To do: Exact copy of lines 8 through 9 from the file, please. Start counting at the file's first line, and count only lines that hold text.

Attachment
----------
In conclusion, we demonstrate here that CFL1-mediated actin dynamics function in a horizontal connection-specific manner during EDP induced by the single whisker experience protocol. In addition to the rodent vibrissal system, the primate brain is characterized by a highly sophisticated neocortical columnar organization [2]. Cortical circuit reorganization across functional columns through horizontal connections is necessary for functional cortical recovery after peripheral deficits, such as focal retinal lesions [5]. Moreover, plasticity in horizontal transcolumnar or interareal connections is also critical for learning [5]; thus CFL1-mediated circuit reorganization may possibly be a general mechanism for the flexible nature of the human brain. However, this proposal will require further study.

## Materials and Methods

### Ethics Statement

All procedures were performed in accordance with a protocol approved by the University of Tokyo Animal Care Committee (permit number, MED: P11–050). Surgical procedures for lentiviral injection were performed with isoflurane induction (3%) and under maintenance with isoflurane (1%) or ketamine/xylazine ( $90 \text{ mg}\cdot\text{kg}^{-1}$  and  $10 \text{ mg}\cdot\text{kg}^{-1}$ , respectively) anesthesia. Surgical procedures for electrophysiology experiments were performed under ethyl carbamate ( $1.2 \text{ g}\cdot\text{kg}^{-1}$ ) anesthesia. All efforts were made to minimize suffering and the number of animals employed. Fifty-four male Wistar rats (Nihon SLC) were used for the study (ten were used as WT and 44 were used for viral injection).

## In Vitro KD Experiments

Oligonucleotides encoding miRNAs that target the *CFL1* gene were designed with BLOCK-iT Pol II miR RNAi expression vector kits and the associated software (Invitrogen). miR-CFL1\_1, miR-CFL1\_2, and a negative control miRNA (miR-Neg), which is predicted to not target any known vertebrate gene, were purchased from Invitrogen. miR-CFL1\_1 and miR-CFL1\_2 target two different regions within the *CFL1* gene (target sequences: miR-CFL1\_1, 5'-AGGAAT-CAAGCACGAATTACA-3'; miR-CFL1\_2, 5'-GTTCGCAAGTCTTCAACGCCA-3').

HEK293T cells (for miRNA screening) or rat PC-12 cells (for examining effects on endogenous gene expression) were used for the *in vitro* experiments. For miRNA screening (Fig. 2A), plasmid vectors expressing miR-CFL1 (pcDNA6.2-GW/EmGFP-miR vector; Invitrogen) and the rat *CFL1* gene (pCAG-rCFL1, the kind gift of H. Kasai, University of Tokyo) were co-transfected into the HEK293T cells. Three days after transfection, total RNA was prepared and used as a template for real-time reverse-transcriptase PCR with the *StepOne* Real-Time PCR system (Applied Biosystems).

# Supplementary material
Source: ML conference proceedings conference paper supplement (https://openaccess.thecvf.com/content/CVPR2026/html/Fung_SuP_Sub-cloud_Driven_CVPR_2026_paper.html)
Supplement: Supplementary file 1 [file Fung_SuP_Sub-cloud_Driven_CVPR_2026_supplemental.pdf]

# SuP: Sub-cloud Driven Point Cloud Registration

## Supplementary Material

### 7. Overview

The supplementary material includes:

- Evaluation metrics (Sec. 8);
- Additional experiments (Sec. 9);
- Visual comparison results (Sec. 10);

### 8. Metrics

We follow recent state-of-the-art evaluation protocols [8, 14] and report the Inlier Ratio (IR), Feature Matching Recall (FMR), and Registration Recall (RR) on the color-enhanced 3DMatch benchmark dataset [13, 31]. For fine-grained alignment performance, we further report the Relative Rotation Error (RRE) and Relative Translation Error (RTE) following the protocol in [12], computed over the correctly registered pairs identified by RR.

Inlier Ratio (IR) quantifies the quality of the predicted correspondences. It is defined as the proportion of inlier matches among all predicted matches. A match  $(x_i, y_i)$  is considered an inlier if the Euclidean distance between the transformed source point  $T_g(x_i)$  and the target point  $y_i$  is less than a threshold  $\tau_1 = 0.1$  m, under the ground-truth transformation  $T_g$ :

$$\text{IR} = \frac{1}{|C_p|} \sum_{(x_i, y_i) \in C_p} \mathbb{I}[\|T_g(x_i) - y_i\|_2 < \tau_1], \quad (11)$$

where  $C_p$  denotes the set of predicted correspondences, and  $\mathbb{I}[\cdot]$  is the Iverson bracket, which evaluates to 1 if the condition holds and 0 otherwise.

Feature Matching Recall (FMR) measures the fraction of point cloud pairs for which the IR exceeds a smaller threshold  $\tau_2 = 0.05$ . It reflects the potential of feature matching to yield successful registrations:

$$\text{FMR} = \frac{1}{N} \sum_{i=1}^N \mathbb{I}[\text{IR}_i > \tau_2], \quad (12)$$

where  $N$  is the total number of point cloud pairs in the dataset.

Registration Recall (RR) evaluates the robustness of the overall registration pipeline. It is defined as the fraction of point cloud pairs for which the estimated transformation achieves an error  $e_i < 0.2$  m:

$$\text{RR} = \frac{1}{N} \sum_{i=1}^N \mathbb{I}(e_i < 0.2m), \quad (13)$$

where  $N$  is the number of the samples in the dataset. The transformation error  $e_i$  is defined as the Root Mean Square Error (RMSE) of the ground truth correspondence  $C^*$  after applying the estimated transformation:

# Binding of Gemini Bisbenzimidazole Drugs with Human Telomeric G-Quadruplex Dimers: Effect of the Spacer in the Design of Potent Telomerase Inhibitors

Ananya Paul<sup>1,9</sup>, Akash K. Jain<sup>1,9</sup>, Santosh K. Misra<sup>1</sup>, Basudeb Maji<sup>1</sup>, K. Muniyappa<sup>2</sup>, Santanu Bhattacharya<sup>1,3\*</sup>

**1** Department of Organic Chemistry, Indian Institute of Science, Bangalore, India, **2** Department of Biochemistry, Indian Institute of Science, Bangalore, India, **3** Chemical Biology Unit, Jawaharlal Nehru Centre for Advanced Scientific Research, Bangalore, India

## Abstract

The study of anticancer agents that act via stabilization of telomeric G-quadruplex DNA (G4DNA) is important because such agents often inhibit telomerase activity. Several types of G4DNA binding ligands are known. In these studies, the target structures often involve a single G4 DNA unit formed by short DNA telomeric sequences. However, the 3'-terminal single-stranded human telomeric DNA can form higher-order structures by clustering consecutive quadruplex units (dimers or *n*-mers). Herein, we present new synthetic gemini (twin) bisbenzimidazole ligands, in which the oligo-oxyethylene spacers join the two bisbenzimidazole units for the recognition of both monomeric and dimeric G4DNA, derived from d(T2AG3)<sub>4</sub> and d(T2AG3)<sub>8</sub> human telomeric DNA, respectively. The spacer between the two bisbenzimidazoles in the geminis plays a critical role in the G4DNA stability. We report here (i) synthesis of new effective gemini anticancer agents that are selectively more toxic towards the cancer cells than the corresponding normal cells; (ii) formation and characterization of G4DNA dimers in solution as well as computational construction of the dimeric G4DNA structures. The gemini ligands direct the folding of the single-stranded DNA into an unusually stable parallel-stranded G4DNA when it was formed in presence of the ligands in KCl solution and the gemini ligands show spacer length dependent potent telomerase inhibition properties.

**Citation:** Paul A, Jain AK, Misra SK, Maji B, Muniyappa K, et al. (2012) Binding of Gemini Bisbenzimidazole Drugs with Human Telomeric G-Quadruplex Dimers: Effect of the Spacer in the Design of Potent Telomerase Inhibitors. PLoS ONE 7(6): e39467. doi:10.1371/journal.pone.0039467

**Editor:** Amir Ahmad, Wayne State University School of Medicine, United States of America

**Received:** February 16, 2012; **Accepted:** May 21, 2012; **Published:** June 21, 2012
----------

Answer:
# Supplementary material
Source: ML conference proceedings conference paper supplement (https://openaccess.thecvf.com/content/CVPR2026/html/Fung_SuP_Sub-cloud_Driven_CVPR_2026_paper.html)